women continue to be the most disadvantaged.

Source: World Bank, based on ENSD. 1989.

Income Levels


Comparisons of income levels in Guatemala

have to be interpreted with caution because
income received is a poor measure of poverty,
particularly in the case of subsistence farmers
who do not interact much with the market. With
that in mind, Graph 8 shows that during the
highest income-earning years (35 to 45) a nonindigenous man earns up to 14 times more than
an indigenous woman. The ratio between
indigenous and non-indigenous men is 3.5 to 1,
and between indigenous men and women, it is 4
to 1.

A poverty map of Argentina (Figure 3) shows

that the areas of highest unmet basic needs (dark
shaded areas) coincide with the location of the
country's indigenous people (15 ethnic groups,
slightly less than 400.000 people or just over one
percent of the total population). This shows the
high correlation between ethnicity and extreme
These tables, graphs and maps show that if the
IDB is to act as a catalyst to lower the levels of
extreme poverty in the region, the ethnic
dimension of poverty needs to be better understood and more systematically addressed in the
programs that the institution finances, as well as
in the policy dialogue it maintains with the
governments of the region.

Graph 8
Average Monthly Income
by Age in Guatemala

Source: World Bank, based on PLSS. 1991.

Figure 3
Percentage of the Population in Households with Unment Basic
needs and location of Indigenous People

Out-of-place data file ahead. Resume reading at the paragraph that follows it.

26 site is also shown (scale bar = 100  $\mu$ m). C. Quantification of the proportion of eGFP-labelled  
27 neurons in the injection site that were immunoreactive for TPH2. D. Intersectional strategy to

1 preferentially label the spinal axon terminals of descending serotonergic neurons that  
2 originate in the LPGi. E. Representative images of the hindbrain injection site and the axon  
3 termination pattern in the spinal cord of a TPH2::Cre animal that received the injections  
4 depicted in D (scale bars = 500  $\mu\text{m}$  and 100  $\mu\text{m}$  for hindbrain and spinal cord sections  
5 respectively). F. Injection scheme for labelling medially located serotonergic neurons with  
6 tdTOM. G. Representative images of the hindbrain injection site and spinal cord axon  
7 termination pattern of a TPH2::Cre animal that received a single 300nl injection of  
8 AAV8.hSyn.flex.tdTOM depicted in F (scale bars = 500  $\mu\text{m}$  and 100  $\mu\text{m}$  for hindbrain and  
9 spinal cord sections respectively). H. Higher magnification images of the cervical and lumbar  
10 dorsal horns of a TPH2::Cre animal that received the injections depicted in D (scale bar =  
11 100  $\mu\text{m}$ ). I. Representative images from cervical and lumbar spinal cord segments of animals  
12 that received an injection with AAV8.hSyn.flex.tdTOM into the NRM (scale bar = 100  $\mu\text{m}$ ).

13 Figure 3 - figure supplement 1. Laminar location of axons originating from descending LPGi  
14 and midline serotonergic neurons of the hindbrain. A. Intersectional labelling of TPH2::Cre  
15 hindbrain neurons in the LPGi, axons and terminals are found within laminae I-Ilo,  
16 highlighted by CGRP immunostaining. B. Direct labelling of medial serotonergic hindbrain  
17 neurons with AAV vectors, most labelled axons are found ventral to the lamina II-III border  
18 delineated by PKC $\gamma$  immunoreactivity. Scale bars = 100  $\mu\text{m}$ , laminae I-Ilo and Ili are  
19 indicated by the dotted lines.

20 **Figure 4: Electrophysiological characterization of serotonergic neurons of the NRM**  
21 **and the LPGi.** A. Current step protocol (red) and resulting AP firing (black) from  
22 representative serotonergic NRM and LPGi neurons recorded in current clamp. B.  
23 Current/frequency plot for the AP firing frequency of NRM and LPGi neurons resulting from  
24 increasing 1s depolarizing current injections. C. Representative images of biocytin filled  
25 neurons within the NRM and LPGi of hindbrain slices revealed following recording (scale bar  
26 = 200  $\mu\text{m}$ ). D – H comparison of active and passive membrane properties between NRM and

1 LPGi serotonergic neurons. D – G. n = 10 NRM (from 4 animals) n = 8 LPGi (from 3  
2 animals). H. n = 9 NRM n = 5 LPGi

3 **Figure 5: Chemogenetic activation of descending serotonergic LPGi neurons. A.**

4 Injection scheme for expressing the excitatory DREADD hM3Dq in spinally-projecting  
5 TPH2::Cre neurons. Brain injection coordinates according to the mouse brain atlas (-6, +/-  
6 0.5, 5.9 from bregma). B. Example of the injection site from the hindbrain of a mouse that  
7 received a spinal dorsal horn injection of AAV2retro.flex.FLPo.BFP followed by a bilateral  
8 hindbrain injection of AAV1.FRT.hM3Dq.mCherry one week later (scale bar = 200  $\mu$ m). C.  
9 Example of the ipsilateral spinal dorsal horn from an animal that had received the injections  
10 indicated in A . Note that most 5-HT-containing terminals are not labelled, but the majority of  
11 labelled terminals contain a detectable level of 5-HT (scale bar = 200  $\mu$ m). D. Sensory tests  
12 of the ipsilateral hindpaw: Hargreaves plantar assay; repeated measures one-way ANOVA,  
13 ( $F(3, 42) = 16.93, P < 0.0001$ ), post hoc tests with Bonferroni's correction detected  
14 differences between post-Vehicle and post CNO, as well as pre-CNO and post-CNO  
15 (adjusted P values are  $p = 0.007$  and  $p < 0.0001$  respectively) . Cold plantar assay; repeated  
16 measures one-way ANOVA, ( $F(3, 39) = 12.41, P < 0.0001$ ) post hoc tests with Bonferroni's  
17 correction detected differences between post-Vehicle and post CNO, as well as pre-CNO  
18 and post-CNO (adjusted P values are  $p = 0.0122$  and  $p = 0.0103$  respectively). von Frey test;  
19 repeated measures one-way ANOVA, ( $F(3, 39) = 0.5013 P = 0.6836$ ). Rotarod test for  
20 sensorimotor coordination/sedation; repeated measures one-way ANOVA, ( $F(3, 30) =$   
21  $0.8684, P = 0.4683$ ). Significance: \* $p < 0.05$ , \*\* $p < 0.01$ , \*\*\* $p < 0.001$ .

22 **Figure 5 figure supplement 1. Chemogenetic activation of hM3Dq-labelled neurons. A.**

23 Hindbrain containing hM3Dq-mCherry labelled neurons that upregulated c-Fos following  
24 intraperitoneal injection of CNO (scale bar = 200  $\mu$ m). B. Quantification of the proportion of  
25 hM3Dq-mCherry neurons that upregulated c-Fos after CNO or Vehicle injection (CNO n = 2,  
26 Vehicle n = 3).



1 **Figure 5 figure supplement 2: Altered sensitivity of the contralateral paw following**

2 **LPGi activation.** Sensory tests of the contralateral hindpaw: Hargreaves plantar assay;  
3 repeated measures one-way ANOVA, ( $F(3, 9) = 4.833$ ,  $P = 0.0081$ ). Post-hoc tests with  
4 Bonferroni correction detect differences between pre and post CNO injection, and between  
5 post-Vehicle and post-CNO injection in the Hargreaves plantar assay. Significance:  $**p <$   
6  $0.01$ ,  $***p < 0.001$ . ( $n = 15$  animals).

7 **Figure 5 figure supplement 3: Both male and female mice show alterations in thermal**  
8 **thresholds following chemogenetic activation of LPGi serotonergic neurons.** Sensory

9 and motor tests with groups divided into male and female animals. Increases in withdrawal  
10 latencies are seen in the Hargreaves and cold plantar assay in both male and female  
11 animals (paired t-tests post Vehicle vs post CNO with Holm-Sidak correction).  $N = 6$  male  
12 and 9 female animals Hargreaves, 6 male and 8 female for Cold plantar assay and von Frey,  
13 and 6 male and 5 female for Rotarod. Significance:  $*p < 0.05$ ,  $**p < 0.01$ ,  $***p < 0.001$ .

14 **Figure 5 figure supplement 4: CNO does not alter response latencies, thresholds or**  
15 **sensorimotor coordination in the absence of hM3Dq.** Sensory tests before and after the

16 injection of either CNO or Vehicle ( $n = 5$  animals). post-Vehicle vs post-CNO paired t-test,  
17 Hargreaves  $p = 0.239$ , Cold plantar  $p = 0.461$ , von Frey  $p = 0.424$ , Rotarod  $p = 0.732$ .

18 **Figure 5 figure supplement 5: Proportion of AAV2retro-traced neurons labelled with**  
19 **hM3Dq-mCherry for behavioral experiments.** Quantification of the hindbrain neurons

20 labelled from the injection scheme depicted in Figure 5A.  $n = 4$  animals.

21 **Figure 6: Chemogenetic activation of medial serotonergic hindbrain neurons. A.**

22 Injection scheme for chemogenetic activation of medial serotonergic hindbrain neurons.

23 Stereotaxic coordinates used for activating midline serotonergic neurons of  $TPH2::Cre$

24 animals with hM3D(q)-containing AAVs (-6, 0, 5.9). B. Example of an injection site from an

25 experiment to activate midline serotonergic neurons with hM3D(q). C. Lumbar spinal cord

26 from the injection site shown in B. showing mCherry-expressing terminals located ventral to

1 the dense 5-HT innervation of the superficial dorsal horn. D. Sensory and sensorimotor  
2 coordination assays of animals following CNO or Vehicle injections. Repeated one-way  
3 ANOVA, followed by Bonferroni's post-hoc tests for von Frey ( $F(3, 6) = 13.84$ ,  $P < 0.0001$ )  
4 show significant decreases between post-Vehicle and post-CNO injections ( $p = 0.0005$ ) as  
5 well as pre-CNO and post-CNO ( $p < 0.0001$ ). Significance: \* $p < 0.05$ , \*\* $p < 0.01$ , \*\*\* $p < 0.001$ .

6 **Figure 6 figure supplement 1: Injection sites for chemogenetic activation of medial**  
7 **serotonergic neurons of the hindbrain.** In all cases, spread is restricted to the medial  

Source: INDEC, based on the Censo Nacional de Poblacin y Vivienda 1991 - Serie C; Poblacin aborigen, ao 1982;
Territorio (1987: XXXV); SDS/ENV GIS & Remote Sensing Facility.
Note: This map, prepared by the Inter-American Development Bank, has not been approved by any competent
authority and its inclusion in this document is for illustrative purposes only.



Since the 1970s, in light of the strong pressures

on their lands and way of life, incipient indigenous organizations at the regional, national and
international level have been strengthened by
their alliance with the environmental movement.
They were also able to take advantage of the
space allowed to civil society organizations as a
result of the democratization process in many
countries of the region. This process of strengthening organizations and forming grassroots
networks goes hand in hand with a strong
cultural revival process in which the generation
of younger and more educated indigenous
people plays a significant role.

of indigenous rights in pluriethnic and mult icultural societies.2

The most important of these rights concern land
and natural resources; language, ethnic identity
and cultural heritage; autonomy and participation.
The right to land and natural resources refers not
merely to land as a means of production and